The Riwaq Biennale is named after an institution, not a place. It was initiated in 2005, to expand upon Riwaq’s approach aiming at the revitalization of historic centers of 50 towns and villages throughout Palestine. In other words, this biennale comes with an agenda. It is invested in Riwaq’s efforts to clarify the growing political and epistemic significance of architectural heritage in local towns and villages.
With its concrete political outlook and its durational, discursive approach, Riwaq has always challenged what a biennale can be. This time, the 5th Riwaq Biennale (RB5) will span an entire two years, beginning in June 2014 and ending in May 2016. Its condition is chronic, as opposed to sporadic. A “chronic” condition – from the Greek chronos (time) – is persistent and enduring. There’s something about a two-year cycle that strikes a chord. Two years is the part of a relationship before things get harder; but it is also the standard warranty for consumer products.
Moreover, RB5 is unusually enmeshed with its context. A two-year schedule is a worthy experiment anywhere, and several biennales have tested comparable premises – Manifesta 2006, Taipei 2010, Berlin 2012, for example. But the idea of the “chronic” resonates differently here, as do notions of “sustainability”, “persistence” or “borrowed time”. To even mention Gaza is to invoke an unimaginably violent two-year cycle in its own right. If biennales always produce tensions between autonomy and history, art and language, these tensions mean something very different when the terms at hand are colonialism or ethnic cleansing.
Rather than rely on artistic representations of these issues, RB5 aims to realize a limited number of modest proposals. These include promoting and complexifying Riwaq’s agenda, tracing regional genealogies of cultural production, and structuring RB5 around existing public events in Ramallah and beyond -– as well as developing an educational program and catering to the needs of emergent practitioners in collaboration with local art institutions. The venues for these and other activities are being developed by Riwaq, in collaboration with artists, architects and students.
Our curatorial premise is to think “through” the structures at our disposal. Thinking through structures is not the same as thinking “about” or “against” them. This project does not see structures as topics, or as objects of critique necessarily. It aims to exemplify the agency of structures per se, and to help shape the audiences these structures produce.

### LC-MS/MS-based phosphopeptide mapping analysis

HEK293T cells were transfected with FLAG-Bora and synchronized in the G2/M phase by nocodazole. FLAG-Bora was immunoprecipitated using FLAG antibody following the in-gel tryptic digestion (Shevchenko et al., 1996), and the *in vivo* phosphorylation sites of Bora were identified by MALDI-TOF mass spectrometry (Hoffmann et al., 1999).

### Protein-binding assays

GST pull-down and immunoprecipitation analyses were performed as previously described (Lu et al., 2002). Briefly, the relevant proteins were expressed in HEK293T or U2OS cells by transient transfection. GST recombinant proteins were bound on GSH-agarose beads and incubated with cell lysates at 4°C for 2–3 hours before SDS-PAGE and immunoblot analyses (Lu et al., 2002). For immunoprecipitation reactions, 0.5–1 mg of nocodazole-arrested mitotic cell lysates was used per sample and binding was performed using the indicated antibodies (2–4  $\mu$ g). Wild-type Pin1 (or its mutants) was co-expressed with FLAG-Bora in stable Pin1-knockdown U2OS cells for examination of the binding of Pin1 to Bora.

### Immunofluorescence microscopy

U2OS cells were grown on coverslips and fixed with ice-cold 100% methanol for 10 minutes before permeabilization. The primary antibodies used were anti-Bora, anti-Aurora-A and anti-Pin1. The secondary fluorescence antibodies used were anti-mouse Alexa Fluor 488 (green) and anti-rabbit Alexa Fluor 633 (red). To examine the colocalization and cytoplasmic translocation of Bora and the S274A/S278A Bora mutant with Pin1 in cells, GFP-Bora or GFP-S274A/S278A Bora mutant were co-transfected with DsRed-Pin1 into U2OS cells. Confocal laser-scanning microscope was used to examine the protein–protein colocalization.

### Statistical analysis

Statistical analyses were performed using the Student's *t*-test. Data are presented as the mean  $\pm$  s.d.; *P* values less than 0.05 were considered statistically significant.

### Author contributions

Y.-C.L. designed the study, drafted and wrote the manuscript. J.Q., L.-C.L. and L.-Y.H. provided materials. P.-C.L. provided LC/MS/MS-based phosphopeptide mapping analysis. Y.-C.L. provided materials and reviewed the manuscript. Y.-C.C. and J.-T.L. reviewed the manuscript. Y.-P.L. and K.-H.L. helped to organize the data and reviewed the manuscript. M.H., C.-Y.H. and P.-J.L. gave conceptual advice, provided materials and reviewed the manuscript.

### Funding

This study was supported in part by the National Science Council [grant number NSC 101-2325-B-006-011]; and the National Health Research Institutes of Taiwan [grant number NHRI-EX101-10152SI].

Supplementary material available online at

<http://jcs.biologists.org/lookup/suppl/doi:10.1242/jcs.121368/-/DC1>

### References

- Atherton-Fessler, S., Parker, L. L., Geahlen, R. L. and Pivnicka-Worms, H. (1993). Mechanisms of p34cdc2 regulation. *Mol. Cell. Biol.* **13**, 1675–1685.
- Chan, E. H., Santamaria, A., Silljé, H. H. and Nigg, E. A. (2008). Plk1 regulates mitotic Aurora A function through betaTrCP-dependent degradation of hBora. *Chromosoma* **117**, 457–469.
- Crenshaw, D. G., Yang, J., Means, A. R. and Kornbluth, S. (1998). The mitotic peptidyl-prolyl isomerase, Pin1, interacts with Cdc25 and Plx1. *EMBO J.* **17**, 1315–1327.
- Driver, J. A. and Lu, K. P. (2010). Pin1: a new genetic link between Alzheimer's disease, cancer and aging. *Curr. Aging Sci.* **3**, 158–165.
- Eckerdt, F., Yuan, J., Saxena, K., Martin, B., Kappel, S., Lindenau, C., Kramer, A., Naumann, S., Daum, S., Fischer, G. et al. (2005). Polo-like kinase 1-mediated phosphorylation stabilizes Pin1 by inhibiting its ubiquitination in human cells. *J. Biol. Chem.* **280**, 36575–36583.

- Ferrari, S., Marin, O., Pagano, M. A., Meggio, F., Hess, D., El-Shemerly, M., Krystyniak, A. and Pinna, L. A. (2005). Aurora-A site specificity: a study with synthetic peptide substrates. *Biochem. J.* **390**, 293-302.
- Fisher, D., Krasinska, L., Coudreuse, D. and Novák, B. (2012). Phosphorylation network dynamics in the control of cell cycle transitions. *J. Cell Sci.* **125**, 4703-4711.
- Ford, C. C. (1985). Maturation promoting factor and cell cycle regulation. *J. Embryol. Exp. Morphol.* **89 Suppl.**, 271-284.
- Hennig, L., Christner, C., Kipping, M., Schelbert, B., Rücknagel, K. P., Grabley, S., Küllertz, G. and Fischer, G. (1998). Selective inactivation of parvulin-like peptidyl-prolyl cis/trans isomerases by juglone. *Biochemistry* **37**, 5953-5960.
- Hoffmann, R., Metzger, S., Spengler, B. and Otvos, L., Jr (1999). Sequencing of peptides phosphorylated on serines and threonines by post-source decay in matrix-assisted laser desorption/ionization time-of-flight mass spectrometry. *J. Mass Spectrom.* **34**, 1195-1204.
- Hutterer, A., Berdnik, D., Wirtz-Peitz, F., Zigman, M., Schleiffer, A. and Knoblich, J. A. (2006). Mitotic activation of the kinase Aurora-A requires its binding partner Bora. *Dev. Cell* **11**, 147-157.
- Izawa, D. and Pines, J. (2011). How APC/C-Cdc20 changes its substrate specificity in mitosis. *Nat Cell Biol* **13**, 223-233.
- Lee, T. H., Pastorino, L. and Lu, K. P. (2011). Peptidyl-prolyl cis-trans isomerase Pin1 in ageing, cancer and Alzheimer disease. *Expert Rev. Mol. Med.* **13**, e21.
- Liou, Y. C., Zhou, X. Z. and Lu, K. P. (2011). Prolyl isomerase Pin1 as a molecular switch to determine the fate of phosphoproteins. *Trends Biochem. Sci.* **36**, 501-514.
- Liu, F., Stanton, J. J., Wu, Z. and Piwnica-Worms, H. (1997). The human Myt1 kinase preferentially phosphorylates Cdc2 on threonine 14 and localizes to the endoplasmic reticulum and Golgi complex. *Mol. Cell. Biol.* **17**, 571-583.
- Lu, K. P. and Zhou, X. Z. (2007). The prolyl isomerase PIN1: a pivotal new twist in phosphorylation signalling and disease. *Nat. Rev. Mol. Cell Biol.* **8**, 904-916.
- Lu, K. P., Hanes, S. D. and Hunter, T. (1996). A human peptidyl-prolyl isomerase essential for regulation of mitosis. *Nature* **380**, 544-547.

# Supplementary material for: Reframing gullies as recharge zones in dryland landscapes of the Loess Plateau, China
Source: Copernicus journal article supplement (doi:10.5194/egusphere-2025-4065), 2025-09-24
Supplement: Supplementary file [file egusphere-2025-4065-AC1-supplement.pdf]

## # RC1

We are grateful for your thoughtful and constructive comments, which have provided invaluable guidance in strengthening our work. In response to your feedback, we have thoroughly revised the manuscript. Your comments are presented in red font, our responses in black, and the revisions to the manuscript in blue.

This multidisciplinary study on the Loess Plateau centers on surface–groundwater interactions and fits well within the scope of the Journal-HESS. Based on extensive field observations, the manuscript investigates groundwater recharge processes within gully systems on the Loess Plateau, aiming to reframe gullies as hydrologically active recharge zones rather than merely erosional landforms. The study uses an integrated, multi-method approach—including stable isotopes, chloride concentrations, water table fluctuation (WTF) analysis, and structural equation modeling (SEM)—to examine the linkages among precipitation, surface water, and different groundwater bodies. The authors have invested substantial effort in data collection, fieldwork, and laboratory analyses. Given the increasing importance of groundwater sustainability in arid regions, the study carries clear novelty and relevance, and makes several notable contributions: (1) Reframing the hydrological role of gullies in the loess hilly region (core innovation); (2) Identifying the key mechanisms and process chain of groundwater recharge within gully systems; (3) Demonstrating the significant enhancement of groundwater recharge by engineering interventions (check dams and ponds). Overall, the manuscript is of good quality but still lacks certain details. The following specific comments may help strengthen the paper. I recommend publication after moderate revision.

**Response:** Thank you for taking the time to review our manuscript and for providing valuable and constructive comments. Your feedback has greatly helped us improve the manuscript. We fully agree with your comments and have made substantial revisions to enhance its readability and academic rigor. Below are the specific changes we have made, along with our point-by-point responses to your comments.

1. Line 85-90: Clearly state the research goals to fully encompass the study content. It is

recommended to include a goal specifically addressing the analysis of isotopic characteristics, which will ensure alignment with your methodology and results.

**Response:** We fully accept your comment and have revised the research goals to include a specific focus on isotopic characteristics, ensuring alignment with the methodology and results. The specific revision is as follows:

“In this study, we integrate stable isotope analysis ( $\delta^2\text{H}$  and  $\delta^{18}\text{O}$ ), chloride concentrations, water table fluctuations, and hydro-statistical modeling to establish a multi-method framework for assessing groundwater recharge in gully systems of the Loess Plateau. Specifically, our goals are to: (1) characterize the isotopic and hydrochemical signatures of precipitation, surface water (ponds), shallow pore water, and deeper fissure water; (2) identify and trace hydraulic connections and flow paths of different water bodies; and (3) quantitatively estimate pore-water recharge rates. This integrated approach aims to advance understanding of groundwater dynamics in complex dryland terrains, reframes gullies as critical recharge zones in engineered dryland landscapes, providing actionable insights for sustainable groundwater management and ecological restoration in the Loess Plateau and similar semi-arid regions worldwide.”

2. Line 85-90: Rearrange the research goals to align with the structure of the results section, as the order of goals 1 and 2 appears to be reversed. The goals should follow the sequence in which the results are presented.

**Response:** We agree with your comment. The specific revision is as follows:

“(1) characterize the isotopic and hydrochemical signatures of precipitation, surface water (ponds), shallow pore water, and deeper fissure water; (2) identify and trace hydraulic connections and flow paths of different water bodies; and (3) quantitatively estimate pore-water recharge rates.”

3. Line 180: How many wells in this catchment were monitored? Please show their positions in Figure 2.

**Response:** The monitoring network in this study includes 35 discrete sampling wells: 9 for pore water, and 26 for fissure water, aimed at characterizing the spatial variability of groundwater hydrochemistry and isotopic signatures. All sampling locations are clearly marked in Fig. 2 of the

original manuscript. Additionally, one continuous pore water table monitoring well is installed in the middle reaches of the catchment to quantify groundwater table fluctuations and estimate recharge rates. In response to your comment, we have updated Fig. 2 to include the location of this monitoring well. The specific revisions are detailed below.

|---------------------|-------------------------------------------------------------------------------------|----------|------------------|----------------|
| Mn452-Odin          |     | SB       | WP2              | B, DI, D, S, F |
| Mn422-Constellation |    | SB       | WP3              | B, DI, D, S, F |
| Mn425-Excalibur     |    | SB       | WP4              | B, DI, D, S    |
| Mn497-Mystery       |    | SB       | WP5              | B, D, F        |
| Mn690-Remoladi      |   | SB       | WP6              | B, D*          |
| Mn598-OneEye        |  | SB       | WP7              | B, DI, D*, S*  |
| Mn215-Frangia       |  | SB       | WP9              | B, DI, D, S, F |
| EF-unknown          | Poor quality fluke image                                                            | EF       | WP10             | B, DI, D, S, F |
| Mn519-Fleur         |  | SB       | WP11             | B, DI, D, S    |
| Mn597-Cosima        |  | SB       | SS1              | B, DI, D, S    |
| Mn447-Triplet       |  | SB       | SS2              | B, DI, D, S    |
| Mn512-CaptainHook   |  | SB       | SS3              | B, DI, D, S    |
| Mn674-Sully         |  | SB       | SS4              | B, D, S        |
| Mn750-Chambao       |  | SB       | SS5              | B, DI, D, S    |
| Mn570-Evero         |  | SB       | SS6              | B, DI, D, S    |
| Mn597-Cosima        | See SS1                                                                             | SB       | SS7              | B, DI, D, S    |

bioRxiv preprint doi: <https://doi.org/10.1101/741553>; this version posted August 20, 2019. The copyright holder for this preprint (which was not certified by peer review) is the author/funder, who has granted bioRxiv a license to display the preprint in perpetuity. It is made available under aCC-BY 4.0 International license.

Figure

This includes the biennale as a structure in itself. In light of our context, other formats may seem more adequate. But a biennale is, first and foremost, a process of accumulation. Over the years, its editions inhabit the public eye as a succession of motifs and stories, highs and lows. On the other hand, a biennale also enjoys a privileged relationship to outreach and volume, limelight and suspense. It is these aspects – a sense of duration and constituency, and of spectacle and ceremony – that form the distinct advantages here.
In other words, RB5 focuses on bodies in space: who was here before, who’s still around, and what could structures like Riwaq have to do with that. So if RB5 may not prioritize exhibitionary display, it does nonetheless emphasize materiality. It approaches objects as aesthetic touchstones, historical pointers and functional infrastructures alike. It addresses the look of thought, the traction of theory, the promises of sustainability in contemporary art, within Palestine and beyond.
50+ refers to the aim of the Riwaq Center for Architectural Conservation to engage with “fifty villages throughout Palestine”. The village setting is thus inscribed within the Riwaq Biennale’s very mandate. Rather than serving as mere arenas of intervention, the villages proactively test the artistic and political possibilities of a biennale. In some cases, they help reimagine these possibilities from a context far removed from familiar city surroundings. Having reached its fifth edition, the Riwaq Biennale is also gradually building on a growing working relationship with the village communities in Deir Ghassaneh, Dhahiriyyeh, Jaba’, Birzeit, Ebwein, Rantis, Beit Eksa, Yatta among others. But Riwaq itself is equally a promising terrain for the RB5 objective of “thinking through structures”. As an institution, Riwaq doesn’t necessarily focus on settings that are in most need of material protection, nor does it rely on a working formula based on its many success stories. Instead, much of the focus is on areas of unresolved tension and collective disappointments, where the role of an architect, an urbanist, or a public intellectual remains complicated and unclear. This is where RB5 is hoping to join the conversation; hoping to assess what contributions cultural production or a political vision can possibly make.